break;

If multiples cases match the switch statement, then the first case that matches the expression will be used.

break statements will break out of the switch when the case is matched. If break statements are not present, then the computer will continue through the switch statement even if a match is found.

If return statements are present in the switch, then you don't need a break statement.

Example of Switch Statements in JavaScript

In this example, we are comparing "oboe" to the cases. "oboe" would match the third case clause and would print to the console "I play the oboe".

switch ("oboe") {
  case "trumpet":
    console.log("I play the trumpet");
    break;
  case "flute":
    console.log("I play the flute");
    break;
  case "oboe":
    console.log("I play the oboe");
    break;
  default:
    console.log("I don't play an instrument. Sorry");
    break;
}

If I were to change the expression to "no instrument", then the default clause would execute and the message printed to the console would be "I don't play an instrument. Sorry".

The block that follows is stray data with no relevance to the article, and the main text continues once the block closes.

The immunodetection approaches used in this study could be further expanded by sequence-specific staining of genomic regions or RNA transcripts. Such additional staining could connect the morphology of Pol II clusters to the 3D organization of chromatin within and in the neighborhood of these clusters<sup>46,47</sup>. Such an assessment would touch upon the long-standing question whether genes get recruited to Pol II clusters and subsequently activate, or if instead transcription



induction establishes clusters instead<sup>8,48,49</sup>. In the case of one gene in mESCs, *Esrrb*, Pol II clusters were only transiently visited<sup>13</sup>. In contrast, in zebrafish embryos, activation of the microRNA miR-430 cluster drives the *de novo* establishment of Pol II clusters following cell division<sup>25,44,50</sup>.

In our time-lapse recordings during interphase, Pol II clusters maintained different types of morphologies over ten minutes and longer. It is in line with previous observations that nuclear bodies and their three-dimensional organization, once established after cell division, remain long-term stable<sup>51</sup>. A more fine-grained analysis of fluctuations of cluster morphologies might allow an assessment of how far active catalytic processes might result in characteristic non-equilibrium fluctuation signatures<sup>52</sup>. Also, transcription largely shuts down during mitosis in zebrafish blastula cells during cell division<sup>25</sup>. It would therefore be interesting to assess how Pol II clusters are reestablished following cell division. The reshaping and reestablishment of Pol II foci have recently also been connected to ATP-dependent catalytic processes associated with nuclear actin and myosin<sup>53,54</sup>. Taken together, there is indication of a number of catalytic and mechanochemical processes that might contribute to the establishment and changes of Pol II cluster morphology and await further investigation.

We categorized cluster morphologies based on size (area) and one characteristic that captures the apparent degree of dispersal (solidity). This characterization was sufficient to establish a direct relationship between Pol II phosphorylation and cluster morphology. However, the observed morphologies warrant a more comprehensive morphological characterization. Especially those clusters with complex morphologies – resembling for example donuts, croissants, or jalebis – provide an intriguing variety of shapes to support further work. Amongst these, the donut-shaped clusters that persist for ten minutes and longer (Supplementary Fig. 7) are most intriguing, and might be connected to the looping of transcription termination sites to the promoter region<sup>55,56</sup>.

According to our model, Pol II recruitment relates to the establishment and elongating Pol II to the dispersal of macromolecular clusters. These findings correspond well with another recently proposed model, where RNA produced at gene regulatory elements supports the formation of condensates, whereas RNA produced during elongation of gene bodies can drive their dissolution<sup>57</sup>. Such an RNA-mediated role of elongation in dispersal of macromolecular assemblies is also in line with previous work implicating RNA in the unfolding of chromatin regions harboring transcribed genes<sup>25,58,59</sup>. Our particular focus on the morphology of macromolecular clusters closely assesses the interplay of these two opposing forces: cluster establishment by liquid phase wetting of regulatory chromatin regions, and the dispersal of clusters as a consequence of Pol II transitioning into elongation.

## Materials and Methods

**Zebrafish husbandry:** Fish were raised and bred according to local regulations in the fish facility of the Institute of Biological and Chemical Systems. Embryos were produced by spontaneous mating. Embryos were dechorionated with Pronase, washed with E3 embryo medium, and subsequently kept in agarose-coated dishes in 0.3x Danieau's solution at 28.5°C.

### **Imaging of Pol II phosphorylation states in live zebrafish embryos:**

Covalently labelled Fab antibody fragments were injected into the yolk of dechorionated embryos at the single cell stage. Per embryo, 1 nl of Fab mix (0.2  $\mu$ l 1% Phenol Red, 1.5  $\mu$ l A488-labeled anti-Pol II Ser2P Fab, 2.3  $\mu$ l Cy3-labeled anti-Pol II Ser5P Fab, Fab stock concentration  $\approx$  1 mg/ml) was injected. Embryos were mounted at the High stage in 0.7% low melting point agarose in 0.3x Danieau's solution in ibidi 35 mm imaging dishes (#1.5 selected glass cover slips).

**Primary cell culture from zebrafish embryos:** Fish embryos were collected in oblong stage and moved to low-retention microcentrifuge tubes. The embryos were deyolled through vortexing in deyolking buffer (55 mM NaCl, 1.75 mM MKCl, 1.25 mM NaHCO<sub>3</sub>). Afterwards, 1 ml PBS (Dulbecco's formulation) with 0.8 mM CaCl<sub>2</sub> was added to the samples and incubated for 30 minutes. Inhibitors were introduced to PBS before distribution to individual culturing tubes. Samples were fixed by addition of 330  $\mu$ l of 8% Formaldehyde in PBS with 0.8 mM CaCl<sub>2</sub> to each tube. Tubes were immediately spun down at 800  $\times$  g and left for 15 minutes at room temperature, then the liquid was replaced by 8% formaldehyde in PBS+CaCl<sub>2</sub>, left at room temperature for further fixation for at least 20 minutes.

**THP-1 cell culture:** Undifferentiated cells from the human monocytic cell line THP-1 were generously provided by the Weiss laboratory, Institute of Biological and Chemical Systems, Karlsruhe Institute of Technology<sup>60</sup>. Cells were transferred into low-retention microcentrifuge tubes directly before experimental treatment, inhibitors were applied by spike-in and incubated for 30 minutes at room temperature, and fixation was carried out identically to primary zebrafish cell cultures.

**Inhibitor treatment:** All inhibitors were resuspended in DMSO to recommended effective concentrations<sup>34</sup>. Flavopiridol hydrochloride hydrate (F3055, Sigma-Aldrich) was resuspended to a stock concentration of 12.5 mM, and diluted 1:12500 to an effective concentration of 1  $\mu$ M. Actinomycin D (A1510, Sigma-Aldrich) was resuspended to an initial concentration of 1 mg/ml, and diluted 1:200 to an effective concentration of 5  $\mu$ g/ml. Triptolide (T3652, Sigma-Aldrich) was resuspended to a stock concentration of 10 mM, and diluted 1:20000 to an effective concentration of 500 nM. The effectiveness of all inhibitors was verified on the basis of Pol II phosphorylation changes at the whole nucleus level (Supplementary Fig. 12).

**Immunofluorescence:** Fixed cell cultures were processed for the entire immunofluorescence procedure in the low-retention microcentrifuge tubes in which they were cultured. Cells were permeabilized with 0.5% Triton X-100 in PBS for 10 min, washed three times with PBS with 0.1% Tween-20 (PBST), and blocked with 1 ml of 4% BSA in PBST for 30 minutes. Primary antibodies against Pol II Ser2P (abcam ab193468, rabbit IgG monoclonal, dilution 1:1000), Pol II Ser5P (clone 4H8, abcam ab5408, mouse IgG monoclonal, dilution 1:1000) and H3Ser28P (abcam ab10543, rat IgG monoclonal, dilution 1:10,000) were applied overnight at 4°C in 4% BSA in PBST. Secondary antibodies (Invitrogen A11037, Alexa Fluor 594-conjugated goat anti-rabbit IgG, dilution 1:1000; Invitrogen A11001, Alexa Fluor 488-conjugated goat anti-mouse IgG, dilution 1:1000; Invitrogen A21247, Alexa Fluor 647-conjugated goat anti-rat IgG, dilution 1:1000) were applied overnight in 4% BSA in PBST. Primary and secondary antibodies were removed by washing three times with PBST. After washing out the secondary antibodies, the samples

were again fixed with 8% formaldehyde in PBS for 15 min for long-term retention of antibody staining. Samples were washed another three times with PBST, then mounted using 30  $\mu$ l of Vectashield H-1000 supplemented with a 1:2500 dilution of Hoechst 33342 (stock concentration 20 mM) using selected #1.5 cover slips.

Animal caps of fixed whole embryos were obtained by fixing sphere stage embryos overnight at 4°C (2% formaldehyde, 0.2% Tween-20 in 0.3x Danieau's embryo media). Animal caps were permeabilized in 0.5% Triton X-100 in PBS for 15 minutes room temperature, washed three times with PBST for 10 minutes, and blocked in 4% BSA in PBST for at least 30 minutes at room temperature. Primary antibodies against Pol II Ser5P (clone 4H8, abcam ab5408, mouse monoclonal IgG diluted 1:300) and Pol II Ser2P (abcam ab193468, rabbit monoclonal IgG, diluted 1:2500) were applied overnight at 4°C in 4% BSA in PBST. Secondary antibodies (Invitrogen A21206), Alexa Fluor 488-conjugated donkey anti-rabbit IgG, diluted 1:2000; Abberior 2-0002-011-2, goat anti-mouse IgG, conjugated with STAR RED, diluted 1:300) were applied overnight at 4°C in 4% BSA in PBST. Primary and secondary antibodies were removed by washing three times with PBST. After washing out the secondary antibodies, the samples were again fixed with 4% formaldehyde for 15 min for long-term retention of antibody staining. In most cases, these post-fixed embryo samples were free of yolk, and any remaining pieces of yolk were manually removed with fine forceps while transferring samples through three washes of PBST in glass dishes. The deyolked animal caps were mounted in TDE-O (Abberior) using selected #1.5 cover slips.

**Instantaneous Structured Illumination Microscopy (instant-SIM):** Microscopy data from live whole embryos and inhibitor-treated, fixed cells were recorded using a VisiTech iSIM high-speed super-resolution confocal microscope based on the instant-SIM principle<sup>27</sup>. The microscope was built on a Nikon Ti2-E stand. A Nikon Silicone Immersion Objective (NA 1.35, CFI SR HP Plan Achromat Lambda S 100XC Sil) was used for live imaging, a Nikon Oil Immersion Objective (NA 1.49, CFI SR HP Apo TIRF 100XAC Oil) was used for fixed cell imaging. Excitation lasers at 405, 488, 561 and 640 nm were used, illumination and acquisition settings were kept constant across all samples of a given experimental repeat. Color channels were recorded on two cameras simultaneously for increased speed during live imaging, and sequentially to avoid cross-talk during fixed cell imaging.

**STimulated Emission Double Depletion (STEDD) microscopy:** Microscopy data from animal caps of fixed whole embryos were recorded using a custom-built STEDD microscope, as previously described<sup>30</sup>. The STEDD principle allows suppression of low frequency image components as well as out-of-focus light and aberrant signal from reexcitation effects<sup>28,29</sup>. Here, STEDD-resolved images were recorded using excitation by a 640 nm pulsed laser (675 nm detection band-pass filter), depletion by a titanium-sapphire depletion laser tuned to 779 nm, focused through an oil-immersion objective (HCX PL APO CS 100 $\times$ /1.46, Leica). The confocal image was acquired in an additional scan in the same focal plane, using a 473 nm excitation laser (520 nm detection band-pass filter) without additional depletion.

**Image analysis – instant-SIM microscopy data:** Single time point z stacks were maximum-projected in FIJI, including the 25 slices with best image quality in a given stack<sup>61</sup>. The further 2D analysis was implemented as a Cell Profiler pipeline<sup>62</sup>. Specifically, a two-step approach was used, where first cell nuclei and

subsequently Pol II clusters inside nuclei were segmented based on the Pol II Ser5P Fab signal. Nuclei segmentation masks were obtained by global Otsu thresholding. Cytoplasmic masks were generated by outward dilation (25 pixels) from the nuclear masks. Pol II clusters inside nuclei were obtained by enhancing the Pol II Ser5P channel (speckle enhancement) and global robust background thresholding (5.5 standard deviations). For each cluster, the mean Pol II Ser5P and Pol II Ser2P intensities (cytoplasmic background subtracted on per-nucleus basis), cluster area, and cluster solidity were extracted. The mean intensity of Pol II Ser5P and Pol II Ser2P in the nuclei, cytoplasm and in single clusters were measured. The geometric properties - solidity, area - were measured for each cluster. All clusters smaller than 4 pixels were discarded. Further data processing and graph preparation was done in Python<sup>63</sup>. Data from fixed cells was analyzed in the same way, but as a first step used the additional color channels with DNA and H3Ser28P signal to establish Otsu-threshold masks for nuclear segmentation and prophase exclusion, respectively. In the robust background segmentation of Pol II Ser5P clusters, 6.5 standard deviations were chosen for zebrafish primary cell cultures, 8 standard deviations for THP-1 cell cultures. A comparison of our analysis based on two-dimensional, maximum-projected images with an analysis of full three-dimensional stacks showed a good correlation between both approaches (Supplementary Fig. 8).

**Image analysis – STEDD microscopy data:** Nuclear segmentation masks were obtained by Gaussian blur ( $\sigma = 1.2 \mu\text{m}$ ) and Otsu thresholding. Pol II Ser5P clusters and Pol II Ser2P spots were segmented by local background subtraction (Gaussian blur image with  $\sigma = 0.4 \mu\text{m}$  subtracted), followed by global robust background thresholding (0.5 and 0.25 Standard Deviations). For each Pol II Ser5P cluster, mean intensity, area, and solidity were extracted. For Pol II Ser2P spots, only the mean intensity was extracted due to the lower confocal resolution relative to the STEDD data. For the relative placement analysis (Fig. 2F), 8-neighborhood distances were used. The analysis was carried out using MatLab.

switch ("no instrument") {
  case "trumpet":
    console.log("I play the trumpet");
    break;
  case "flute":
    console.log("I play the flute");
    break;
  case "oboe":
    console.log("I play the oboe");
    break;
  default:
    console.log("I don't play an instrument. Sorry");
    break;
}

Missing Break Statements

In this example, the match would be case 2. But without a break statement, the computer will continue onto case 3 and the default clause.

You should see three console.log statements because a break statement was not included.

switch (2) {
  case 1:
    console.log("Number 1 was chosen");
  case 2:
    console.log("Number 2 was chosen");
  case 3:
    console.log("Number 3 was chosen");
  default:
    console.log("No number was chosen");
}

Where to Place the Default Clause

Standard convention is to place the default as the last clause. But you can place it before other cases too.

const food = "nuts";

switch (food) {
  case "cake":
    console.log("I like cake");
    break;
  case "pizza":
    console.log("I like pizza");
    break;
  default:
    console.log("I like all foods");
    break;
  case "ice cream":
    console.log("I like ice cream");
    break;
}

The computer will still go through each of the cases and find a match. Since the variable food does not match any of the cases, then the default case will be executed.